Planned Parenthood is suing these 3 states for obstructing abortion access
On Wednesday, Planned Parenthood filed lawsuits challenging laws restricting abortion access in North Carolina, Missouri, and Alaska. The women’s health organization is joined by attorneys with the American Civil Liberties Union (ACLU) and the Center for Reproductive Rights who told the Associated Press these lawsuits constitute the first major follow-up to Whole Women’s Health v. Hellerstedt, which struck down laws targeting abortion providers known as TRAP laws.
For example, in the state of Missouri, TRAP laws require abortion clinics to meet the same standards for surgical centers and doctors are required to have admitting privileges in nearby hospitals. As noted in the Whole Women’s Health ruling and in the lawsuit filed Wednesday, such restrictions are medically unnecessary due to the safety of the abortion procedure and merely serve to stigmatize and shut down clinics offering the service. In the state of Missouri, as a result of these requirements, only one operating abortion clinic remains, and many women in the state bear the undue burden of traveling up to 300 miles to access the clinic in St. Louis.
Planned Parenthood is additionally challenging laws in Alaska that ban abortion after the first trimester and ones in North Carolina that ban abortion at 20-weeks gestation.
Planned Parenthood notes that the second and third trimester abortion ban in Alaska, which has been in place for roughly 40 years, sends around 30 women out of state to have their abortions annually. North Carolina’s law banning abortion after 20 weeks offers a very narrow exception to protect the woman’s health, but in its lawsuit, Planned Parenthood notes how this endangers women by forcing doctors caring for them to delay necessary care until her condition imposes an immediate threat of death.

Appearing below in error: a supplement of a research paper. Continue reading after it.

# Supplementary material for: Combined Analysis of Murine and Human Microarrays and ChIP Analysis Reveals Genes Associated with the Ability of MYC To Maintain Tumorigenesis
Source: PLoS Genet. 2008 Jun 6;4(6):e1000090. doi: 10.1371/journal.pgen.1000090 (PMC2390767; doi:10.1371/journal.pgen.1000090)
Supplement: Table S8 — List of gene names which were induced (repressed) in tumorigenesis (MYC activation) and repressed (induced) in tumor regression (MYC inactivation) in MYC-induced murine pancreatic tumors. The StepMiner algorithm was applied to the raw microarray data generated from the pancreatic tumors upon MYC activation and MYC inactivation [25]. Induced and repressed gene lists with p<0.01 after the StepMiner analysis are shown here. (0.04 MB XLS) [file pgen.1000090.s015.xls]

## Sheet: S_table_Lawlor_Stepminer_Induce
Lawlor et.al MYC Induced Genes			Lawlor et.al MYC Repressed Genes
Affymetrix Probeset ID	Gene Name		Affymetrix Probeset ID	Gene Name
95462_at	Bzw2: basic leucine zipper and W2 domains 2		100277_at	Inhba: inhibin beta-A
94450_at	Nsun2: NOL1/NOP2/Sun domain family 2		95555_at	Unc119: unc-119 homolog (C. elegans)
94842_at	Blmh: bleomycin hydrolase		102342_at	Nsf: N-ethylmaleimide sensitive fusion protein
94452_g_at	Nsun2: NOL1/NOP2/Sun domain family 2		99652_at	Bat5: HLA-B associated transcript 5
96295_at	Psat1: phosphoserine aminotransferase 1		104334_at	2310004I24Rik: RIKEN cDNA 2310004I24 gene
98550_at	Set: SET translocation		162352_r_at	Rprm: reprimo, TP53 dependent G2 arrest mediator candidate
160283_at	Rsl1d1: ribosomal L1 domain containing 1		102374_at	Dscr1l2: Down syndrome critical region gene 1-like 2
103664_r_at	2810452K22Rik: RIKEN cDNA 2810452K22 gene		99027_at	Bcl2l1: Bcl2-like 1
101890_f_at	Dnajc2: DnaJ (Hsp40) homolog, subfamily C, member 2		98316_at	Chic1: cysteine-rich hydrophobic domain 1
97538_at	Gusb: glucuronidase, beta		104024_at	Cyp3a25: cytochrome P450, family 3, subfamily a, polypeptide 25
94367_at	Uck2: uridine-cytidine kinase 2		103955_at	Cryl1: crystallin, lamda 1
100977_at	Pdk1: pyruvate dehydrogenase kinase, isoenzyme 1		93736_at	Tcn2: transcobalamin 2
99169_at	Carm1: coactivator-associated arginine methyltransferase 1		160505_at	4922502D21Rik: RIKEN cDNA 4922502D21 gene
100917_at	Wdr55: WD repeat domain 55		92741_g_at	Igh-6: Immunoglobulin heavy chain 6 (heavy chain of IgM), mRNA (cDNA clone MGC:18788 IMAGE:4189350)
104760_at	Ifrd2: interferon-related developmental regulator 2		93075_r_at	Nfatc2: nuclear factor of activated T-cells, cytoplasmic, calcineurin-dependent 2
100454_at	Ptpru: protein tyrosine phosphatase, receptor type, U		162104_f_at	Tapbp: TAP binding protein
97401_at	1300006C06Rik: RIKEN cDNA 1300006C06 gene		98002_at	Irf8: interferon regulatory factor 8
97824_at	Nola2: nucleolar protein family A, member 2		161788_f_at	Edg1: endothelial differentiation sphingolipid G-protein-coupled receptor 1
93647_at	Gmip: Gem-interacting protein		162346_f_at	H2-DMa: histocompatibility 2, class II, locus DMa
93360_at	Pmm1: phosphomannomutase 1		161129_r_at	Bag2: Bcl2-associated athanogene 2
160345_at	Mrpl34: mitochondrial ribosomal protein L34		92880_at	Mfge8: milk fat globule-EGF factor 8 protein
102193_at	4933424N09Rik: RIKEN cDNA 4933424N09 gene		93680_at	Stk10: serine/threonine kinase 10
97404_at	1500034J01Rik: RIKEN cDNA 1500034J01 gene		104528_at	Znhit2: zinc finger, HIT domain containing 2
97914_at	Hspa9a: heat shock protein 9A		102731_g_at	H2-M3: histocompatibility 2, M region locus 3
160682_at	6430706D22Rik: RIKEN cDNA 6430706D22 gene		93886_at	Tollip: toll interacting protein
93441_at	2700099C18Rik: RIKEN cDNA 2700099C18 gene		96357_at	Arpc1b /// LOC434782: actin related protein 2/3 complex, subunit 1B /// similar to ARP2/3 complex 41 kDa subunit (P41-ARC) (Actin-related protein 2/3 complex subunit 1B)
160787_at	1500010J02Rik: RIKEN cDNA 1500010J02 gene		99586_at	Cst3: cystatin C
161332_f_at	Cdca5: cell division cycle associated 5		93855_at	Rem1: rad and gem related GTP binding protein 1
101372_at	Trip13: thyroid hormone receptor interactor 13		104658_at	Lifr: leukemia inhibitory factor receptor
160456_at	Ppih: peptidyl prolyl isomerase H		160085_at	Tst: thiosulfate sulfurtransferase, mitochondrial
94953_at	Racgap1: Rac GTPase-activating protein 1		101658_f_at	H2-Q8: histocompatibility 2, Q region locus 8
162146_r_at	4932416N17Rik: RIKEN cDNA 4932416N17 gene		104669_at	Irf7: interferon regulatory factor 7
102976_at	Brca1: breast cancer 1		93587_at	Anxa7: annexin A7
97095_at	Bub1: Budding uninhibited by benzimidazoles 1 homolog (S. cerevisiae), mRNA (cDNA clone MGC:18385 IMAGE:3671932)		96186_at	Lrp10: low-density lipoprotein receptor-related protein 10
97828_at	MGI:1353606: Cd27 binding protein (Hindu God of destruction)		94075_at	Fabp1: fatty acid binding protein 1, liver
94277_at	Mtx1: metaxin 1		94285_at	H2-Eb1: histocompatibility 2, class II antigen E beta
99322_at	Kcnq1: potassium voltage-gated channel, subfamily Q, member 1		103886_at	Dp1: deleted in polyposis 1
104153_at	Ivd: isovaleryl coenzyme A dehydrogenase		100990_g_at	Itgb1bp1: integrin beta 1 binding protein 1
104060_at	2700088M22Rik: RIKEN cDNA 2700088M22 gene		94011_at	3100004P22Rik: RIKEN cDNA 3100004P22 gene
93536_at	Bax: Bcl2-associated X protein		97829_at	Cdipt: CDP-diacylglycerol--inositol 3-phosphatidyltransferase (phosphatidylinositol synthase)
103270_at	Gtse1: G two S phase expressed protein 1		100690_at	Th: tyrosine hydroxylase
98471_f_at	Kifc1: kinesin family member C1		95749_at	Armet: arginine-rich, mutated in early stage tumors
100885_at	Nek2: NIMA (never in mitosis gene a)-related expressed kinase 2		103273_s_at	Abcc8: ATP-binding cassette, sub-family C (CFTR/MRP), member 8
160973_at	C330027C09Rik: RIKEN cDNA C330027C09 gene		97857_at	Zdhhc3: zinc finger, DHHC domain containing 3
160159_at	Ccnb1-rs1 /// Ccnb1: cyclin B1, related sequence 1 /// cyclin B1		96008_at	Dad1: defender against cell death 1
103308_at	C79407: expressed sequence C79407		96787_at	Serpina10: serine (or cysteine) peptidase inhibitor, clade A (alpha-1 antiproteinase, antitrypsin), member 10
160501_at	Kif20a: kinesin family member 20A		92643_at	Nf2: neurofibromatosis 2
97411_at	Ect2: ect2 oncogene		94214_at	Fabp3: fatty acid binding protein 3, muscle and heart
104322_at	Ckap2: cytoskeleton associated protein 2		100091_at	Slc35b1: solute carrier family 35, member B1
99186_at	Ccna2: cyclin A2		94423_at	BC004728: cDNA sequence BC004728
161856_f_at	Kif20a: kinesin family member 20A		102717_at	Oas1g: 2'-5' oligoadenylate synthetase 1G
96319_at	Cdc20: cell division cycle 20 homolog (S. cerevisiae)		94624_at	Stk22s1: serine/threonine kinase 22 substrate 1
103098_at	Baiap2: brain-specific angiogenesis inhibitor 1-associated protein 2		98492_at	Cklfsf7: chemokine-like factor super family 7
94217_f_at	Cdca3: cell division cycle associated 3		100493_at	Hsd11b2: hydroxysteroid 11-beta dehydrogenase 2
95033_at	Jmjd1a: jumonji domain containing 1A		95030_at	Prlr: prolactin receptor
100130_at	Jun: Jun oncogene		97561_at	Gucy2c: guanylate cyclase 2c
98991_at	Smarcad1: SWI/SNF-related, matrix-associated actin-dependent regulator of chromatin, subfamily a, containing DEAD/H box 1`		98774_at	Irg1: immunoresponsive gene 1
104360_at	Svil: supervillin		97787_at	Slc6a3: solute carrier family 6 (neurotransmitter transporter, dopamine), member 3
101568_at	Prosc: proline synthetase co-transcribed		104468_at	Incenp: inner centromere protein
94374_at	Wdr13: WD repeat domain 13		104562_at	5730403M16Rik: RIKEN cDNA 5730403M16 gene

Sure, women in these states have the option to travel out of state for abortion services, but through lost time and incurred costs, this obviously places an additional undue burden on them, while also undermining Roe v. Wade’s guarantee of abortion until fetal viability and their right to privacy with their doctors.
“A woman must be able to make health decisions at different points in her pregnancy that are best for her circumstances, including whether to end a pregnancy, without interference from politicians,” Irena Como, staff attorney for the ACLU of North Carolina, told the AP.
These challenges to state abortion laws signal the reproductive rights movement’s plan to fight back on the state level against our newly elected anti-choice executive branch and Congress, which recently announced its intent to defund Planned Parenthood.
“We are going to fight back state by state and law by law until every person has the right to pursue the life they want, including the right to decide to end a pregnancy,” Planned Parenthood’s chief medical officer, Dr. Raegan McDonald-Mosley, said in a statement. Given the rise of anti-abortion bills being floated in state legislatures in Texas and Indiana following the election of an anti-choice president, Republican Congress, appointment of an anti-choice Health and Human Services secretary, and the inevitable appointment of anti-choice SCOTUS justices, Planned Parenthood’s state-by-state approach is presently the most pragmatic means to fight back and is critically important to defend women’s rights in conservative states.
With the Affordable Care Act on the brink of repeal, or at the very least being substantially scaled back, and crucial funding for Planned Parenthood’s contraception services to be repealed, Planned Parenthood is already preparing to shield its patients, predominantly young and poor women, from the worst. “We’re working to be prepared. We’re going to provide care to our patients whether they have insurance or not,” McDonald-Mosley added.
Planned Parenthood has long braved political and even physically threatening challenges from abortion opponents, and through it all, has fought for and kept its doors open to women for decades. Its latest legal challenges to protect abortion rights signal the organization’s refusal to give up.